A special supplement to the American Journal of Preventive Medicine has highlighted the importance and challenges of communicating cancer prevention messages to young adults.
The supplement covers a variety of cancer types and includes accompanying health, behaviors and conditions that increase cancer risk. The young adult focused age group, ranging between 18–44 years of age, present unique risks owing to prevalent social and behavioral environments. Wide ranging consideration has been given to interventions and expanded prevention efforts targeted towards young adults in the US.
Highlights of an interdisciplinary meeting of experts, convened by the Centers for Disease Control and Prevention and the National Association of Chronic Disease Directors, illustrate a focus on preventative measures in early adulthood, in a drive to avoid the potential for long-term consequences as the young adult demographic ages. Further articles in the supplement delve into specific focus areas outlined in the highlights. Collectively they underscore key behaviors in early adulthood and patterns in chronic health conditions, proposing tailored interventions geared towards mitigating risks.
Identified areas of interest included:
The carcinogenic influence of alcohol: The costs of treating alcohol related breast cancer incidence in young women, estimated at $150 million annually. Alcohol screening and interventions as part of wider public health activities with an aim to reduce excessive drinking in social spaces such as bars and clubs, and communicating the risks posed to long term health.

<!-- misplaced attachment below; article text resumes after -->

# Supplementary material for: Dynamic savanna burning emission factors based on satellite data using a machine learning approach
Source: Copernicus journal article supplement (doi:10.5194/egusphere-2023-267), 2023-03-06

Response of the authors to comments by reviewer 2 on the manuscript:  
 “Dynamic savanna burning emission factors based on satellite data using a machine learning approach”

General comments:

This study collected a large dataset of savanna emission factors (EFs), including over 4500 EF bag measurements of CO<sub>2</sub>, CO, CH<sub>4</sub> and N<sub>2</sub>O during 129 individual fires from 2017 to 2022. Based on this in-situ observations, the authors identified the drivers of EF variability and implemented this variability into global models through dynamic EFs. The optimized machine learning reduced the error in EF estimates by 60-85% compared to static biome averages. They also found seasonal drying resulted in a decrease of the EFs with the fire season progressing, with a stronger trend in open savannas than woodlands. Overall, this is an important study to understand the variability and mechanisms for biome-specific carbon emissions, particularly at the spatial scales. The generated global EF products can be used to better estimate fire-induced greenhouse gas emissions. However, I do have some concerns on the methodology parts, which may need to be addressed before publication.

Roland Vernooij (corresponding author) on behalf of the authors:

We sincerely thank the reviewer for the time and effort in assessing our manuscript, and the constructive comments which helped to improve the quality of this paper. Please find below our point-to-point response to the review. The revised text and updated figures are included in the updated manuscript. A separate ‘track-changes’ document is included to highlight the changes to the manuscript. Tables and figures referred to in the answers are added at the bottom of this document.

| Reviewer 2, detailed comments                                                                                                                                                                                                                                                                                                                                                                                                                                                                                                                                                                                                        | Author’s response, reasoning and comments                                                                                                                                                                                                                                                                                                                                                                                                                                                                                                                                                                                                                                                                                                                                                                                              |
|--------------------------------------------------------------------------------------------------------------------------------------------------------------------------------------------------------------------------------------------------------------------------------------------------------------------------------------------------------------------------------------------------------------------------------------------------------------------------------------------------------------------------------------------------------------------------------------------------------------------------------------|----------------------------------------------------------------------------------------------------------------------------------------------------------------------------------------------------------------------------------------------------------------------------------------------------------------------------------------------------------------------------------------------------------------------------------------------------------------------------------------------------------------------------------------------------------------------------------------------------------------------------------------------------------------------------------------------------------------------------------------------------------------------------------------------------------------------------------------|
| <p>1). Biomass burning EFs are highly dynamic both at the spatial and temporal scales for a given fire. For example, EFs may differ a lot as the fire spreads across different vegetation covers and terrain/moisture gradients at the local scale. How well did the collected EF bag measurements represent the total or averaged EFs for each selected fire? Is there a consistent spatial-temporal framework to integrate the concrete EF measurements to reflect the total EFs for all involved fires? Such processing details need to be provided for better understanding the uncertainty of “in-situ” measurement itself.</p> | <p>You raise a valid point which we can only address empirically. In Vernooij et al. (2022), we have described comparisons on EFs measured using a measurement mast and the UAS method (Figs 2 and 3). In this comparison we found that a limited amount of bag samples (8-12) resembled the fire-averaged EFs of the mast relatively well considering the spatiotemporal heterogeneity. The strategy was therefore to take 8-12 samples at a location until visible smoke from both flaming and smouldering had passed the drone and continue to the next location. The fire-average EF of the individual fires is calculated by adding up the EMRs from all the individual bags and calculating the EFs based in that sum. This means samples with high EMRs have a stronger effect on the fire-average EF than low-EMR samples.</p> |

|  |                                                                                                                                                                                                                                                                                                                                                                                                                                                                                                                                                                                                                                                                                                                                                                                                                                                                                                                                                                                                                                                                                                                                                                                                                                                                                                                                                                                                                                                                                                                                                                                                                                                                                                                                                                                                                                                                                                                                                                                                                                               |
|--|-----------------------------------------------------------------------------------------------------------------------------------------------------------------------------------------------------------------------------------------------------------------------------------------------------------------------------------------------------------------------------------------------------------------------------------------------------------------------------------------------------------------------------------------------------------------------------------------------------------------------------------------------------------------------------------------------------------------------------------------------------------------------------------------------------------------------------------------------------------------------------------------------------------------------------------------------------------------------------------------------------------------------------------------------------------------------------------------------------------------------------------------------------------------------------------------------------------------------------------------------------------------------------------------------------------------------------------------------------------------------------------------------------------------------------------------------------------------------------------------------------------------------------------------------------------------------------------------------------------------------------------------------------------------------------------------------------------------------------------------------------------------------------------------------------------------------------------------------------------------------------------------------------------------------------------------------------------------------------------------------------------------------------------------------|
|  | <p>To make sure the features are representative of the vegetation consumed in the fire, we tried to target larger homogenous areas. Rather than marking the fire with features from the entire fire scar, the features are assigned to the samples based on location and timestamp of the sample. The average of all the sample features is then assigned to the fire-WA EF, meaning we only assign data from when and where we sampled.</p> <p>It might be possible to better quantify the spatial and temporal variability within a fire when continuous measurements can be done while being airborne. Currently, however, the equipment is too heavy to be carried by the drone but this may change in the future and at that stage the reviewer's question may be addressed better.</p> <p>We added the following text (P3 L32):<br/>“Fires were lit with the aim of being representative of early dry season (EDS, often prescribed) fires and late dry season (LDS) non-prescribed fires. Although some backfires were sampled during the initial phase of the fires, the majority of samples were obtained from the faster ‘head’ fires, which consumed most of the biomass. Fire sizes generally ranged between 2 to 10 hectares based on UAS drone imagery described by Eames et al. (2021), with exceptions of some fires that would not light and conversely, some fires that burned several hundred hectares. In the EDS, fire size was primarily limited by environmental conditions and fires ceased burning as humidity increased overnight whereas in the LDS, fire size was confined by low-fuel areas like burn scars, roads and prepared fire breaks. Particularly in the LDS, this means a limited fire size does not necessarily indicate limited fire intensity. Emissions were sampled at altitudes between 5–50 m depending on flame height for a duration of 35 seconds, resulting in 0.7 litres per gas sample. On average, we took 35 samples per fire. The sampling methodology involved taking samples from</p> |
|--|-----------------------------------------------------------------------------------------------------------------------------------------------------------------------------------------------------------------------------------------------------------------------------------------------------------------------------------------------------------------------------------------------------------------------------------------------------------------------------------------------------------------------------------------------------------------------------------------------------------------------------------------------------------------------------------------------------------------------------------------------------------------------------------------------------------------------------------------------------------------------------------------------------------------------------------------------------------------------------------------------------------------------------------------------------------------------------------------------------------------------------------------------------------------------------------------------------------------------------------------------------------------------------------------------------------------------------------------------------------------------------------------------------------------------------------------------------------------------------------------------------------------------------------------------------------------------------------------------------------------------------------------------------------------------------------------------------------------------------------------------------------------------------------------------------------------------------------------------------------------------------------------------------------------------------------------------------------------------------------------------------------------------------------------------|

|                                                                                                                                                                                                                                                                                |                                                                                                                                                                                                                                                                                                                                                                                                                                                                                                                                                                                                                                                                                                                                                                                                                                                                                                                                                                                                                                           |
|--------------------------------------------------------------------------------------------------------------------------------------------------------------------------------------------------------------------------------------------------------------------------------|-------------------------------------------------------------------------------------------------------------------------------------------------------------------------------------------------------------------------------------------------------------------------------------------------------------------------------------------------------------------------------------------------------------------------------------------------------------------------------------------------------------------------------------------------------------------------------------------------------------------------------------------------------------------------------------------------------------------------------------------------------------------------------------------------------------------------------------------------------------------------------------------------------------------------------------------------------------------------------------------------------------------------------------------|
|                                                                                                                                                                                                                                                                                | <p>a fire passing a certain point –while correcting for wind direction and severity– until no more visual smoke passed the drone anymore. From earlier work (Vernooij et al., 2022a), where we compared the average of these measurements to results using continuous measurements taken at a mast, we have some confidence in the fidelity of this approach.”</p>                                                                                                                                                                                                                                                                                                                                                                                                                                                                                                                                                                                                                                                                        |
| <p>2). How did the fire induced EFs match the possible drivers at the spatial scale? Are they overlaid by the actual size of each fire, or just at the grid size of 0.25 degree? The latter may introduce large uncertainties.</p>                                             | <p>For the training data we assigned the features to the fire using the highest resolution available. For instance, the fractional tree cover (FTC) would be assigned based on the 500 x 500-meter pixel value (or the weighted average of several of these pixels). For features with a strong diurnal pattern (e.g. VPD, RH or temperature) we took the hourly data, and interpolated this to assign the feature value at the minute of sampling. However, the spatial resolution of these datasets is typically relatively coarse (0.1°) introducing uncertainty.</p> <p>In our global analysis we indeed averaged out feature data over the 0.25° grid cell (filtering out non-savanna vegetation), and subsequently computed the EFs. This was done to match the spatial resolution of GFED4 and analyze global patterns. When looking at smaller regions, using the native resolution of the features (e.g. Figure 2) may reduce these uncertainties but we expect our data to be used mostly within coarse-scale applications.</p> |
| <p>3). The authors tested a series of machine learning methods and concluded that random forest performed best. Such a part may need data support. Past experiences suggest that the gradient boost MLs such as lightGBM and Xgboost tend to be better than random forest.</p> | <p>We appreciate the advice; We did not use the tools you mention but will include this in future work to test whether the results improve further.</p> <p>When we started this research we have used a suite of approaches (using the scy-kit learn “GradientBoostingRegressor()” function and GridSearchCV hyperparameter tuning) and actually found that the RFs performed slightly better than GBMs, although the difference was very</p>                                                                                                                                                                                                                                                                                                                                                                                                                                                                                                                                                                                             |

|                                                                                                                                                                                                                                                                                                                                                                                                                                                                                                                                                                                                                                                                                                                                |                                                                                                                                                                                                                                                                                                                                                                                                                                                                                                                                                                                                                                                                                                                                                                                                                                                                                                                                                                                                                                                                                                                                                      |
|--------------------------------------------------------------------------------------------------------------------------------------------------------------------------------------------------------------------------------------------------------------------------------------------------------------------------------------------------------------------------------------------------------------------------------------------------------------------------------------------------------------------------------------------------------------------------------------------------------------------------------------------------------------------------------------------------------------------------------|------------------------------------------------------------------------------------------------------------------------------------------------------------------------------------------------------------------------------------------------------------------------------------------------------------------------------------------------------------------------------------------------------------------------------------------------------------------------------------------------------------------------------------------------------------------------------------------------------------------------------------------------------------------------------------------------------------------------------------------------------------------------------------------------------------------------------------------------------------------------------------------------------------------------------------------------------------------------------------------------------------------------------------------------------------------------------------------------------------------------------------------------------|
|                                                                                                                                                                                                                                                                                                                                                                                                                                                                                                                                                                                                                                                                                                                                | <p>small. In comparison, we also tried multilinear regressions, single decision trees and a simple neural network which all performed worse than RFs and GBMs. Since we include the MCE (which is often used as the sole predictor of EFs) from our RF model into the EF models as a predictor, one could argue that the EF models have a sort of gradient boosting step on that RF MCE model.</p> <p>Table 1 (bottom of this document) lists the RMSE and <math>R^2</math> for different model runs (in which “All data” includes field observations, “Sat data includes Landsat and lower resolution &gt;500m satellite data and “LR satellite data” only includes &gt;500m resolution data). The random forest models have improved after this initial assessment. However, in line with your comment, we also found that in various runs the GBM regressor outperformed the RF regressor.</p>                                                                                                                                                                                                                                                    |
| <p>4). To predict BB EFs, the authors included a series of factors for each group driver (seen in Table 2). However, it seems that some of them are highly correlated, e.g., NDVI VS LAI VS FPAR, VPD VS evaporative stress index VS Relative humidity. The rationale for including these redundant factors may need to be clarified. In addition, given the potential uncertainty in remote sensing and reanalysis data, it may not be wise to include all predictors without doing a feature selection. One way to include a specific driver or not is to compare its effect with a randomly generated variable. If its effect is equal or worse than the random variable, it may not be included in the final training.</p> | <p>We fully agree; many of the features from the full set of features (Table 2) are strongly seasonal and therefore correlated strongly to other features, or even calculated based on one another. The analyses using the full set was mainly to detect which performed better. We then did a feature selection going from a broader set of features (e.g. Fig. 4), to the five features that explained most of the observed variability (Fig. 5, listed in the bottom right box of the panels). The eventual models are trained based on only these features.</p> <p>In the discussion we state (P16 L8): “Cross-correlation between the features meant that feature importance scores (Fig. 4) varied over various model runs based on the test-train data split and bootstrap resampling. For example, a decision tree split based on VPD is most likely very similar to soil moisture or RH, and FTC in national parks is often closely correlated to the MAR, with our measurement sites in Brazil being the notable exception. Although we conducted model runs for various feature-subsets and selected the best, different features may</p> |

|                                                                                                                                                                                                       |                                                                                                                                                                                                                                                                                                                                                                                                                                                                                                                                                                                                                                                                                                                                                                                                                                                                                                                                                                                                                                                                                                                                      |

The utilization of potentially harmful products, and the targeted marketing of those products, towards young people. Counter-measures to those marketing campaigns, such as the utilization of social media platforms as a way to present information to a large audience, are examined.
Investigations on the reasons for the lower prevalence of breastfeeding amongst black women, despite an apparent link to reduced breast cancer rates. Projects such as peer counselling, hospital policy changes, breastfeeding specific clinic appointments, group prenatal education and enhanced breastfeeding programs have demonstrated to be effective in black communities.
Mental health, traditionally not included, was considered among the factors that can directly or indirectly, affect the potential for vulnerability to cancer.
Articles highlighted disparities in the cancer risk factors of subpopulations by characteristics such as ethnicity, social status and neighborhood location. Logic models can be utilized to investigate the distinctions between characteristic groups via research programs, while an award-winning diabetes prevention program could serve as the model for cancer prevention, particularly in higher risk minority communities, with an aim to reduce the incidence of cancer.
Guest Editor Claire Brindis (University of California, CA, USA) noted: “The growing impact of cancer, both in the US and globally, and the prevalence of modifiable cancer risk factors represent a window of opportunity to reduce cancer incidence at the population level.”